What are the times when a tourniquet might be placed incorrectly?
First and foremost, avoid placing tourniquets directly over joints. Instead, position them over long bones like the femur in the thigh or the humerus in the upper arm. Therefore, if you come across a tourniquet positioned directly over the knee, ankle, or elbow, take the time to assess its safety.
In some cases, if a tourniquet is positioned over a joint and isn't controlling a significant bleed, medical professionals may consider removing it, often after correctly placing a tourniquet in the appropriate location.
Secondly, avoid placing tourniquets around the neck or head. While this is common sense, if you encounter someone with a tourniquet around their neck, promptly remove it. A tourniquet in this position could suffocate the person and cut off blood flow to the brain.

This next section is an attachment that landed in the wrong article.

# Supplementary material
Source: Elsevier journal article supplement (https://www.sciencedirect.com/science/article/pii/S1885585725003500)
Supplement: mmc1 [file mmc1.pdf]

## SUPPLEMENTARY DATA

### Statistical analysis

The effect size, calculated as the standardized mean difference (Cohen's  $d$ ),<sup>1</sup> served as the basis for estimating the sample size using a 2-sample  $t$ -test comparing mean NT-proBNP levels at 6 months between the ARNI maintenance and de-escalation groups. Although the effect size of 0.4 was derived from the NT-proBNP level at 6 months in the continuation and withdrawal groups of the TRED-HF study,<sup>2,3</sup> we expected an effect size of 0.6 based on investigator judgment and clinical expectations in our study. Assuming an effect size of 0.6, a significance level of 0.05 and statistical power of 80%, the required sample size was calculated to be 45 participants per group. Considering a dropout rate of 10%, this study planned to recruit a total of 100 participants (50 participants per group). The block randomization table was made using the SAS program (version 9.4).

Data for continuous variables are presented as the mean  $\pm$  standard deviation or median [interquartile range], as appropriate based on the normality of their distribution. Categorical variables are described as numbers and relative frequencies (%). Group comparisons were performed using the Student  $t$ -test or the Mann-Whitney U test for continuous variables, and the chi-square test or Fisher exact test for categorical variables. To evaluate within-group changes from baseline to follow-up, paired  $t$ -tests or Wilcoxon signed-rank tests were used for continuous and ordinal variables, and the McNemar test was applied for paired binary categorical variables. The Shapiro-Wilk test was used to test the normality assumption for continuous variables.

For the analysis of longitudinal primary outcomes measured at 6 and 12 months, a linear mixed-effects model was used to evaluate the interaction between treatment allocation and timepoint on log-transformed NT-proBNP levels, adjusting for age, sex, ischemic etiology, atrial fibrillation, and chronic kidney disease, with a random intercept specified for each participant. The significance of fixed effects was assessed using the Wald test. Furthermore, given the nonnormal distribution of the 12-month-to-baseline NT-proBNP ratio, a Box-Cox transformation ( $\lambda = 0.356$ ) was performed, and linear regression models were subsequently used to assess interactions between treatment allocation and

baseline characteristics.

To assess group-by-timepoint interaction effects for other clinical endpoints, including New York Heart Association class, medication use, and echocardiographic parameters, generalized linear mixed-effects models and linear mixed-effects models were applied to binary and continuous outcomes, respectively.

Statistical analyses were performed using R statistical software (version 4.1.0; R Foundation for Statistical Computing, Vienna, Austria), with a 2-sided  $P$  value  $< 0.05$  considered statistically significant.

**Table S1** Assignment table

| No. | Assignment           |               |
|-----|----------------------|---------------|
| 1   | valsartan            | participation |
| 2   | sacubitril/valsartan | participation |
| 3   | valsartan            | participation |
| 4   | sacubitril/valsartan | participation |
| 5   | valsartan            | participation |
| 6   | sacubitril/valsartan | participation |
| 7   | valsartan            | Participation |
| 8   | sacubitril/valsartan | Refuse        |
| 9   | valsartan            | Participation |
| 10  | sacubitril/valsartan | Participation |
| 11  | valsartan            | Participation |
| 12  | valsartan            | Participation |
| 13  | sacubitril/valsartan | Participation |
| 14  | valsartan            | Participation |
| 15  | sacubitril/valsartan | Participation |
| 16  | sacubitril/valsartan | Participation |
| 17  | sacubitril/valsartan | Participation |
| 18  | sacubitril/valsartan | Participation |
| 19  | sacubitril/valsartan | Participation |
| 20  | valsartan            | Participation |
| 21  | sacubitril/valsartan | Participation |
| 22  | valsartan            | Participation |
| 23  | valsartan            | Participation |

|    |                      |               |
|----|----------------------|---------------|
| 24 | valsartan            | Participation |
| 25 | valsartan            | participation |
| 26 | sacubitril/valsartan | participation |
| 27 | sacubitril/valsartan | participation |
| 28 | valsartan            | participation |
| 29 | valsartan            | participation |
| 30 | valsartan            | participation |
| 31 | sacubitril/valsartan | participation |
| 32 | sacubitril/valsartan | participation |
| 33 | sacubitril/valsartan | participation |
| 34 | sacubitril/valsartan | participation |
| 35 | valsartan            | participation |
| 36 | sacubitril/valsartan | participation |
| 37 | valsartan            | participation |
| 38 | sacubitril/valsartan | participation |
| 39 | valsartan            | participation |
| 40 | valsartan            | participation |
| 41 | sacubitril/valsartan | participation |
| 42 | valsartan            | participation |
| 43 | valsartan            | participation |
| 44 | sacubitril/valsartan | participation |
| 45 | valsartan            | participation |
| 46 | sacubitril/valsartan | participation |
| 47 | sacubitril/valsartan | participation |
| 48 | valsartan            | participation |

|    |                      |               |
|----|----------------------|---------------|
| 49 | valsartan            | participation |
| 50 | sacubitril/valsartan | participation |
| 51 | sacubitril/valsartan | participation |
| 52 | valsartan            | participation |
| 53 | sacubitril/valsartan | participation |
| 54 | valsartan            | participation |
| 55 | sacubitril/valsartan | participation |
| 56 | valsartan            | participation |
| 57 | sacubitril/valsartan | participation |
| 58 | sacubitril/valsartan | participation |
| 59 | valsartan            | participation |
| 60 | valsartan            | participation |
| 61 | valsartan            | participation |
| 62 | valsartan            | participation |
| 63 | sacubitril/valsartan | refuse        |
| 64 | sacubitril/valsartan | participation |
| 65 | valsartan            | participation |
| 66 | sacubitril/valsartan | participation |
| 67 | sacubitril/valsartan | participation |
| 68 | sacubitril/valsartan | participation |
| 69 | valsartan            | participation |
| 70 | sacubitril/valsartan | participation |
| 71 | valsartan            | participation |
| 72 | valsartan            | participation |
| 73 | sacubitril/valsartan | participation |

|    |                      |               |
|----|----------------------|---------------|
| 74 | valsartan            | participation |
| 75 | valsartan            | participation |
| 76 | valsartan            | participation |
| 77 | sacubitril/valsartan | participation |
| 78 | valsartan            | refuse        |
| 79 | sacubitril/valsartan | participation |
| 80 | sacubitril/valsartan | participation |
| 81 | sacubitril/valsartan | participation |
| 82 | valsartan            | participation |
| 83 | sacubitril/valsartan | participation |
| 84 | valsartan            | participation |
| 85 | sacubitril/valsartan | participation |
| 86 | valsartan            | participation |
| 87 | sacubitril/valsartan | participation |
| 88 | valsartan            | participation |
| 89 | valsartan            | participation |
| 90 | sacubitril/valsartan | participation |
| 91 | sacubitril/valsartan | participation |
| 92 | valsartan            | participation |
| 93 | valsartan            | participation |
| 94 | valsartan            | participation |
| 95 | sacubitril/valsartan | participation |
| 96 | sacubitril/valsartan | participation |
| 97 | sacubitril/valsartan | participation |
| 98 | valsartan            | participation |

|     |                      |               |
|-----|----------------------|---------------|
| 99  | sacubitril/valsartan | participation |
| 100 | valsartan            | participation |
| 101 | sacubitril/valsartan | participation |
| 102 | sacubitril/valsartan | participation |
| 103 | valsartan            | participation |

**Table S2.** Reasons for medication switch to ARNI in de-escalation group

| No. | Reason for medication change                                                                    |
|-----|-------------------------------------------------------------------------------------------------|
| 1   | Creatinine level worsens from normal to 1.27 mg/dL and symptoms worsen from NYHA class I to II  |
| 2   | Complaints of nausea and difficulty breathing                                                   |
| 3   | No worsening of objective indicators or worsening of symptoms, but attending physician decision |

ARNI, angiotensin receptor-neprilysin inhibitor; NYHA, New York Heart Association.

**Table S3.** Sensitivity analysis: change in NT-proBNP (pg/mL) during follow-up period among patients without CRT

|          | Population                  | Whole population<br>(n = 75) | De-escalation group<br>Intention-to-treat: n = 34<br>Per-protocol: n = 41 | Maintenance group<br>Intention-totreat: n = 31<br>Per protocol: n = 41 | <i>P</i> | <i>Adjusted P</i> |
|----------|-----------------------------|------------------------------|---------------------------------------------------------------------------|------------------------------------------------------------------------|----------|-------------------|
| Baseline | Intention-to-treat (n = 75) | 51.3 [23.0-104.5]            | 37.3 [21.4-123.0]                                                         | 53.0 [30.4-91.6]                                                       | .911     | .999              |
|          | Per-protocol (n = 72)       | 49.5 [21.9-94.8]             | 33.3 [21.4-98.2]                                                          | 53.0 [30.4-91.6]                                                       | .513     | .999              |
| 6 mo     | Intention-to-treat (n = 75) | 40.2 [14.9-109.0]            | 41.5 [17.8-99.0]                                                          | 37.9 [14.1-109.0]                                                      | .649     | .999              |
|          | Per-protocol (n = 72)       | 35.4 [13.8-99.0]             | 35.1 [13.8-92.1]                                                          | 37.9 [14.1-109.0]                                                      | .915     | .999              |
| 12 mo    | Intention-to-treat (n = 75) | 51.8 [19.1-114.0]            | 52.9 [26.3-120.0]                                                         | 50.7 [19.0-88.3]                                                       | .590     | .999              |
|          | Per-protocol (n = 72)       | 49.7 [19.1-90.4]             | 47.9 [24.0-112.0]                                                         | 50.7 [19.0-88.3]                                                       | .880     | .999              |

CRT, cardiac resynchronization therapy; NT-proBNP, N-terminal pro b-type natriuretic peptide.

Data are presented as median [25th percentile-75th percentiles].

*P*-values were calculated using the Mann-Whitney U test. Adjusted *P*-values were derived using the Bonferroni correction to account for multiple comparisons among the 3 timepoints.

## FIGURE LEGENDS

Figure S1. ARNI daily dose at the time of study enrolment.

Thirdly, medical professionals may remove a tourniquet that isn't properly secured or was improperly installed. Why? Because if the tourniquet isn't effectively stopping a severe bleed, it's likely obstructing more than helping. In such cases, the tourniquet could be taken off or replaced with a functional one.
Let's talk about several more times a tourniquet might be removed.
The Tourniquet Isn't Necessary
We talk a lot about being fast with the tourniquet. The outdated wisdom was to avoid a tourniquet at all costs and to only apply a tourniquet if all other methods fail to control the bleeding. However, this is NOT what is taught today.
Today, if you say to yourself "WOW, that's a lot of blood," then you should consider going straight to applying the tourniquet.
Now, let's get back to the point.